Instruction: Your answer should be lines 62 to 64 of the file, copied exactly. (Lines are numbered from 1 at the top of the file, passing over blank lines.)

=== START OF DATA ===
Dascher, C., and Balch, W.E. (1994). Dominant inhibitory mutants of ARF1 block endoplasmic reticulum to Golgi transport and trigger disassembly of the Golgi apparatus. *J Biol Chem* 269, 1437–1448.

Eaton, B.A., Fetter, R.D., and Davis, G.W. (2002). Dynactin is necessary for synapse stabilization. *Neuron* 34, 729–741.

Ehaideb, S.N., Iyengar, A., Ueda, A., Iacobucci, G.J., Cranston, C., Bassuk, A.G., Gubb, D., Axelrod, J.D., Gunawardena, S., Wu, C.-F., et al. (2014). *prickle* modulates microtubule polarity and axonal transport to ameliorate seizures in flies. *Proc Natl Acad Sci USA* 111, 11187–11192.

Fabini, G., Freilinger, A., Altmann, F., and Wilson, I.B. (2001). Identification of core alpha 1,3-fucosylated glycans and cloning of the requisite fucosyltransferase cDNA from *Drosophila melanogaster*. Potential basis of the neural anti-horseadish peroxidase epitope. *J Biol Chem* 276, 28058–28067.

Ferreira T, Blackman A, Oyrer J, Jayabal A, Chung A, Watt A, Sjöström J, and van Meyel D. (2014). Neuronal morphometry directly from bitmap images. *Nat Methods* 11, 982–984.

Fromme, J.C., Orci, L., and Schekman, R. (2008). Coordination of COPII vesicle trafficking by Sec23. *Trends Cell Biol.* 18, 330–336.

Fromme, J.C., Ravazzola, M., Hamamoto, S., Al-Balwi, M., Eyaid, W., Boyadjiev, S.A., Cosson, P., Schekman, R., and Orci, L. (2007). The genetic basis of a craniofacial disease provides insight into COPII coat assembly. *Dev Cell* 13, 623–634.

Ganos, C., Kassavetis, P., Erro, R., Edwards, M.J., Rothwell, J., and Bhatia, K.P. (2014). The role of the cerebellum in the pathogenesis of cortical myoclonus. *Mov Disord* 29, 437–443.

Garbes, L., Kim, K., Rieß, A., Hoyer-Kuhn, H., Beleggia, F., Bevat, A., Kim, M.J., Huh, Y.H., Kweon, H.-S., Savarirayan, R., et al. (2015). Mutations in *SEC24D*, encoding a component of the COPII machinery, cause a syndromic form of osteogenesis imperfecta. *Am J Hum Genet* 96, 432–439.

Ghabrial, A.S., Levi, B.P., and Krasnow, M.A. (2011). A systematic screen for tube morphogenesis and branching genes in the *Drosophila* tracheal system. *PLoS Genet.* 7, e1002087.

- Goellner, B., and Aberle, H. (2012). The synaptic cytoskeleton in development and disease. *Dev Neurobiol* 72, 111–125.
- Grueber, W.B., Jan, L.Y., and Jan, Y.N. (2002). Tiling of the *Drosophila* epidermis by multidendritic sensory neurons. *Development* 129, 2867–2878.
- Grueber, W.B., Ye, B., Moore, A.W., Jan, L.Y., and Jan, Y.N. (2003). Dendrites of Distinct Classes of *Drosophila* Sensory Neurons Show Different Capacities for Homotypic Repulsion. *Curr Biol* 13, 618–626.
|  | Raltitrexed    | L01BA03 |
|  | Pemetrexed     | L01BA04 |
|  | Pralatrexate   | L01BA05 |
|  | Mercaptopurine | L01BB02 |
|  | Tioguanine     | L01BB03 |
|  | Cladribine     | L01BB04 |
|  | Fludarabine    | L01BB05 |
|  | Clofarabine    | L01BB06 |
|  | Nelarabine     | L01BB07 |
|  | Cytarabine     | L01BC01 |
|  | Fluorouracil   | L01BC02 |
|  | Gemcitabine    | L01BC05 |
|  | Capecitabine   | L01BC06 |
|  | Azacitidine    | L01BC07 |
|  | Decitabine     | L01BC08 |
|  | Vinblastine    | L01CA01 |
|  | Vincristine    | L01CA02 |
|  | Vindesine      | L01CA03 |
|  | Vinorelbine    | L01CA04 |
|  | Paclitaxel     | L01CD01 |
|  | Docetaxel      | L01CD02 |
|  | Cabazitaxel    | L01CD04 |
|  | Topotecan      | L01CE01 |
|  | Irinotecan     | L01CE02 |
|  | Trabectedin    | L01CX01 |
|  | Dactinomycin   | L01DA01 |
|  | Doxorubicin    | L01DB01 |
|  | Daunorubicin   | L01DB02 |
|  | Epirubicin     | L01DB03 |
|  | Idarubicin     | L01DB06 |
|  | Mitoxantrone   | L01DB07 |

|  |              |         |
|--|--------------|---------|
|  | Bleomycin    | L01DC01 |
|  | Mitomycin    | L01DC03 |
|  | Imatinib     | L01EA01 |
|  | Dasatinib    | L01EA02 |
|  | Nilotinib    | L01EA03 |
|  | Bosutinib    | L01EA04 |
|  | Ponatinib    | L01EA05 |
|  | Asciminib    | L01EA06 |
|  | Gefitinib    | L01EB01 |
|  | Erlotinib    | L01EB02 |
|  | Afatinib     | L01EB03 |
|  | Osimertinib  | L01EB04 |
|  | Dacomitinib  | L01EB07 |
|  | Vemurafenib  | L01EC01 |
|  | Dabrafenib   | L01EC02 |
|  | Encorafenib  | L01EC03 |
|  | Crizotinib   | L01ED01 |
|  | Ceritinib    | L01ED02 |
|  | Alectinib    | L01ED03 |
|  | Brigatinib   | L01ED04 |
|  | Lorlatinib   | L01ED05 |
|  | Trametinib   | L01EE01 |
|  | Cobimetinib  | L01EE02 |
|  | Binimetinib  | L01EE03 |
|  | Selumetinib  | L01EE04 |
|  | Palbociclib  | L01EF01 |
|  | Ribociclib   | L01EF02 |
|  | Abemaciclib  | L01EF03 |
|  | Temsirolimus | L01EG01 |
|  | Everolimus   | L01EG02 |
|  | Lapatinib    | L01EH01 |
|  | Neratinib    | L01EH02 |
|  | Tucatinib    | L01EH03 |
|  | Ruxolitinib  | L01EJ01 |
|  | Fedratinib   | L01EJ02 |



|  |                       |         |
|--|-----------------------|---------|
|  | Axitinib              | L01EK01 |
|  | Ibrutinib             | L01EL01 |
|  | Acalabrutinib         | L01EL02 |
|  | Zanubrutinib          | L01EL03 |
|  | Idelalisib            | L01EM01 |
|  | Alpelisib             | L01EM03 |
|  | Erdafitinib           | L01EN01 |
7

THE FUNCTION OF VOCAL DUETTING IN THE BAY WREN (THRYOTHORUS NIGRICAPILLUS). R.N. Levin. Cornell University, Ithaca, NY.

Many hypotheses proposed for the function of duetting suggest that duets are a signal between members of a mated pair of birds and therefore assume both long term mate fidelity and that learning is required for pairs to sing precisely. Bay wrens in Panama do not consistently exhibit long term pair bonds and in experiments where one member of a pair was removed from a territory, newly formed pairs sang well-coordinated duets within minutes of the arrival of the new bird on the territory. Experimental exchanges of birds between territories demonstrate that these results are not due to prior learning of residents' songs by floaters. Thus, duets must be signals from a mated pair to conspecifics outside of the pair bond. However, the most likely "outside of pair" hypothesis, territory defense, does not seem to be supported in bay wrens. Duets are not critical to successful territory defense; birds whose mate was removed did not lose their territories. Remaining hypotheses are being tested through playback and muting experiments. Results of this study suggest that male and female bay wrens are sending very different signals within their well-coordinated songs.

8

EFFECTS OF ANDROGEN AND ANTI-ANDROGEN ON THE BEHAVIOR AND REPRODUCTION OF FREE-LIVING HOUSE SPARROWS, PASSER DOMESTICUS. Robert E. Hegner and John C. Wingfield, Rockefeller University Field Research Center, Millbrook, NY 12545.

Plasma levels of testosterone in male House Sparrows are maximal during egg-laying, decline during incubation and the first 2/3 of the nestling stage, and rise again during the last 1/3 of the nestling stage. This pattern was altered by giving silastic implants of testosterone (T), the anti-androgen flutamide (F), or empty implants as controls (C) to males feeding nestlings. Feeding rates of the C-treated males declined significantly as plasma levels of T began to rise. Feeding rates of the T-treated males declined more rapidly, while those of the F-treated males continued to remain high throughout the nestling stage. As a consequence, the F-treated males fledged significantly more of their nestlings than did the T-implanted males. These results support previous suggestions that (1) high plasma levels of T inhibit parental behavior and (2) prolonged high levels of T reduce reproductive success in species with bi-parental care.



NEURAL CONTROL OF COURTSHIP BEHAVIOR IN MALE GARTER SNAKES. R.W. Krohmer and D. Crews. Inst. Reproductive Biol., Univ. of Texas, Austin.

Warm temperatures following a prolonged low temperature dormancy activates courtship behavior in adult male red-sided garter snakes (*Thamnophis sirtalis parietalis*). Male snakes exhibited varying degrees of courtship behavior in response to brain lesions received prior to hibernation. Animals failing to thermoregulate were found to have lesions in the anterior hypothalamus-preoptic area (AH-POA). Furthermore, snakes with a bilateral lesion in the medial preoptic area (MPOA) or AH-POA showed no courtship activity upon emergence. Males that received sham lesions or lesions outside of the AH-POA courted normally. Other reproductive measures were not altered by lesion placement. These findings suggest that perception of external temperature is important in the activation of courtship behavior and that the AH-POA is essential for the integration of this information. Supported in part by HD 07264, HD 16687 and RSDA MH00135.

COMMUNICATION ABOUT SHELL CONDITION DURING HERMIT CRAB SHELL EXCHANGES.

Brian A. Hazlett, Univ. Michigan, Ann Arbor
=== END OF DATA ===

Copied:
|  | Encorafenib  | L01EC03 |
|  | Crizotinib   | L01ED01 |
|  | Ceritinib    | L01ED02 |